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A foundational principle in Ayurveda is that the senses and sense organs are the gateways to the mind and body and that we can use the sense for healing. Although for centuries this was a difficult concept to understand from a Western medical perspective, we are now validating this ancient observation with modern science.
Survival is dependent upon a biological organism’s ability to sense and respond to its environment. Humans are not an exception to that rule. Our sense organs receive information constantly, and then send signals to the rest of the body based on that information. These signals affect the functioning of the body to move either toward mechanisms for survival, or toward healing and longevity.
In Ayurveda, the senses—sound, touch, sight, taste, and smell--are referred to as the Tanmatras. The corresponding sense organs—ears, skin, eyes, tongue, nose—are the Jnanendriyas, or the ‘organs of knowing.’ The sensations received by the sense organs are then converted into perception.
The sense of touch and its main sense organ, the skin, can be used as a gateway for healing. As a part of the healing process, massage is incorporated as both a medical treatment as well as a daily preventive practice. In addition, the use of heat or cold therapy, depending on an individual’s needs, was identified as producing differing effects on our physiology and is also used as treatment.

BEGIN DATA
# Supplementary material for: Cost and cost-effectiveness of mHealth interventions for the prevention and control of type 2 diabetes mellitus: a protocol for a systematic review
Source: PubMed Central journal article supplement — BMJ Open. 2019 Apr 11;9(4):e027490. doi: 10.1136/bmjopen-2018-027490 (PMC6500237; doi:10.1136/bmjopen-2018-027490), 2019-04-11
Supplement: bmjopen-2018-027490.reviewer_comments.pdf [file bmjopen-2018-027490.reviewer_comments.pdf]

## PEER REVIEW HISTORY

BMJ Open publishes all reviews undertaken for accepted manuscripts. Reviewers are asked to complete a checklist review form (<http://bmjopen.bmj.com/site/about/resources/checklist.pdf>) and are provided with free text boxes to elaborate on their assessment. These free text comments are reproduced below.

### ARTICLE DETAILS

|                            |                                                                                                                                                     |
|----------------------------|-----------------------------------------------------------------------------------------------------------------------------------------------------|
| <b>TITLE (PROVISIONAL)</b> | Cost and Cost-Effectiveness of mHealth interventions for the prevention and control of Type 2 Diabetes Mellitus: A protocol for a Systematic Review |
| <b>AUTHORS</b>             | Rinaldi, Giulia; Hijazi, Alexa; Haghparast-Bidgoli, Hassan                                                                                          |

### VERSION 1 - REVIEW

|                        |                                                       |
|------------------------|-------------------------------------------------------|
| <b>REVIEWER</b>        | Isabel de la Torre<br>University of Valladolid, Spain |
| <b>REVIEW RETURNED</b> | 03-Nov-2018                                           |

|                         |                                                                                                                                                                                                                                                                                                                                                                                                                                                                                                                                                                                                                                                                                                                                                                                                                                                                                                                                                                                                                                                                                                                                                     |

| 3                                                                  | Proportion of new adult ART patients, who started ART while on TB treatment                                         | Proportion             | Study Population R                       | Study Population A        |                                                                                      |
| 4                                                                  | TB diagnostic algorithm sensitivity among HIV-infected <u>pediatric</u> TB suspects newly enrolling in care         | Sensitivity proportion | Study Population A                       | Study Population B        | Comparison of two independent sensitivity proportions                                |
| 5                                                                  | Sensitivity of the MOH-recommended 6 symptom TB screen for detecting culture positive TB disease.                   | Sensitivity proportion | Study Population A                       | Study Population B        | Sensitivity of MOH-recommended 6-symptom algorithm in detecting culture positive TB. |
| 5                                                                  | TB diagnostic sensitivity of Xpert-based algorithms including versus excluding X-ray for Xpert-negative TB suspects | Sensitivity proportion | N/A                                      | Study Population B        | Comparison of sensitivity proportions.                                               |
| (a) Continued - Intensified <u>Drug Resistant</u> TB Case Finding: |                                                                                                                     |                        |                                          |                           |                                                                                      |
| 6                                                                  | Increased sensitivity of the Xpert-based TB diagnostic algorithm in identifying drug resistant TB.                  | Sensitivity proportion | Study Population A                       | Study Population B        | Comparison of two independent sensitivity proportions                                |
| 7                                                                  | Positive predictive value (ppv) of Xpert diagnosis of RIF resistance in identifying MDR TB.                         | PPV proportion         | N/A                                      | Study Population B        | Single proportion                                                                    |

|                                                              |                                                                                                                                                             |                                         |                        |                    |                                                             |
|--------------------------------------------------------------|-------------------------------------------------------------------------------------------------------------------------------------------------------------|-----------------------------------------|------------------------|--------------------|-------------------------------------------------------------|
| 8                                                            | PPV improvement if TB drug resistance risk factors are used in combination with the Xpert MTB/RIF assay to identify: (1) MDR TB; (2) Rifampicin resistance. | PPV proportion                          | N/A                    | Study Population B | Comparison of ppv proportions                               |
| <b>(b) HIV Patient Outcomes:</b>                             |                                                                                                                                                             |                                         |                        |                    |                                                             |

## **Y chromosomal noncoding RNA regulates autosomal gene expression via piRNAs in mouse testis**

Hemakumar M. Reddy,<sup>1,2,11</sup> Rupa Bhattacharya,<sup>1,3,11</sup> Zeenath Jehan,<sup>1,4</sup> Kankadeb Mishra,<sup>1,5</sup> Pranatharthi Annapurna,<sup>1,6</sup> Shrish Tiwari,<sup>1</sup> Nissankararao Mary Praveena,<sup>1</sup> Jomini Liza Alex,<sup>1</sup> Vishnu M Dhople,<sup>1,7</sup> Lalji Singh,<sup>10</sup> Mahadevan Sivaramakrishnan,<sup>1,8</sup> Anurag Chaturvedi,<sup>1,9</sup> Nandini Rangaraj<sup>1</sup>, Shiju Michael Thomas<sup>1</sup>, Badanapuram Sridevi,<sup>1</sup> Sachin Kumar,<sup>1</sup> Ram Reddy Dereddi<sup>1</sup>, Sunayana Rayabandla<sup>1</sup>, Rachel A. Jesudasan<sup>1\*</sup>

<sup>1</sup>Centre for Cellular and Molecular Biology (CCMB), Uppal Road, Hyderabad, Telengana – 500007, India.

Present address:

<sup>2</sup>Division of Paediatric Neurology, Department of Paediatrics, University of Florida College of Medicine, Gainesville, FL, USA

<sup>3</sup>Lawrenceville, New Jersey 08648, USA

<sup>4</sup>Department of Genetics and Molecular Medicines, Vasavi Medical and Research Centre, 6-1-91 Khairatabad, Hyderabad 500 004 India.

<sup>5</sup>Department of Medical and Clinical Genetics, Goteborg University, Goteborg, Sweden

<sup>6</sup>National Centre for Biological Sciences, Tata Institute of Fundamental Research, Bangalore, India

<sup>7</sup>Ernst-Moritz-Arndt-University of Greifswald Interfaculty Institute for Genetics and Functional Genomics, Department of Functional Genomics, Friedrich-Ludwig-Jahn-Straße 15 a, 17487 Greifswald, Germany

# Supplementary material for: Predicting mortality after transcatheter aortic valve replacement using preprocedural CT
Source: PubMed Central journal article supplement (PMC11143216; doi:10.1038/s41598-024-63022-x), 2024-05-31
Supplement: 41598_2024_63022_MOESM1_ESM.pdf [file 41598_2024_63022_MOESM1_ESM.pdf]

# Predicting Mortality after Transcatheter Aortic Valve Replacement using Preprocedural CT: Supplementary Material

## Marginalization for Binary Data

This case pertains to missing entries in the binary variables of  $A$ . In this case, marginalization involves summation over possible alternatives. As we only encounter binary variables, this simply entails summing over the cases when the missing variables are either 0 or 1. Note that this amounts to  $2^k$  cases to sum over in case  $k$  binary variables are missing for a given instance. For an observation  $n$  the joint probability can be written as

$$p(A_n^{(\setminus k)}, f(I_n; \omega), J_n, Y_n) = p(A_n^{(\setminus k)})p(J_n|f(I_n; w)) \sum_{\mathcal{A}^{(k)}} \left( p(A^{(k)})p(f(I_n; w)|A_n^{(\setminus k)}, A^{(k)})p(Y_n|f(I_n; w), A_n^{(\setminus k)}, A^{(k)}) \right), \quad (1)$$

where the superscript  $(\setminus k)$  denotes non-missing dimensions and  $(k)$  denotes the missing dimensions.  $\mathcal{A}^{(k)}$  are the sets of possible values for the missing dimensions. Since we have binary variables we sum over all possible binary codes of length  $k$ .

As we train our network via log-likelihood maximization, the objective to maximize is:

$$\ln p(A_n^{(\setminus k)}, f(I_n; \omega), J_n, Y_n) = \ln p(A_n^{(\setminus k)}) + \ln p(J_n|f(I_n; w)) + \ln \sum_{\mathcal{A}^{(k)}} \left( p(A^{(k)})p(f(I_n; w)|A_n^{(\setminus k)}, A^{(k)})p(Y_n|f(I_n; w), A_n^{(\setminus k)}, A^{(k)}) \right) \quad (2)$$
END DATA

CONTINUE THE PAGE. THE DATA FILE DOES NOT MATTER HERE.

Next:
Ancient healing systems recognized that we sense the environment and adapt to that environment. Anything that we sense will have an effect on our physiology as a response to that stimulus. It has always been recognized in traditional healing systems that we do sense the environment, the question in modern science was how. In the search to answer this question, we see further validation in modern science for the observations of ancient healers.
Validation for using the sense of touch for healing has come through modern research that has connected touch receptors to the nervous system. Through these receptors, we can influence the autonomic nervous system which controls all of the automatic functions in the body. In addition, the nervous system plays a key role in regulation of stress and emotions.
This year’s Nobel Prize in Medicine and Physiology has gone to two researchers who have explained how touch and temperature can initiate signals in our nervous system. The channels that they identified as the ‘gateways’ to the nervous system are important for many physiological processes and disease conditions.
Researcher Ardem Patapoutian successfully identified genes that are responsible for mechanosensitivity, the ability to sense mechanical stimulation such as pressure. The genes code for ion channels that are directly activated by the exertion of pressure on cells. These channels then relay electrical signals to the nervous system that can regulate important functions in the body, such as blood pressure, respiration, and even urinary bladder control. These ion channels are also important for proprioception, which is the sensing of body position and motion. By manipulating these receptors, we can influence how we sense our body’s position in space. When compressed, cells send a measurable electrical signal that can then have an impact on the physiology.
Much is still to be learned about these mechanoreceptors, and others, and their complex signaling that can change the activity of body. Researchers are beginning to think about targeting force-sensing proteins to treat chronic pain. However, rather than developing medications for this, ancient healing practices can influence the nervous system without side effects or tolerance that can be associated with medications.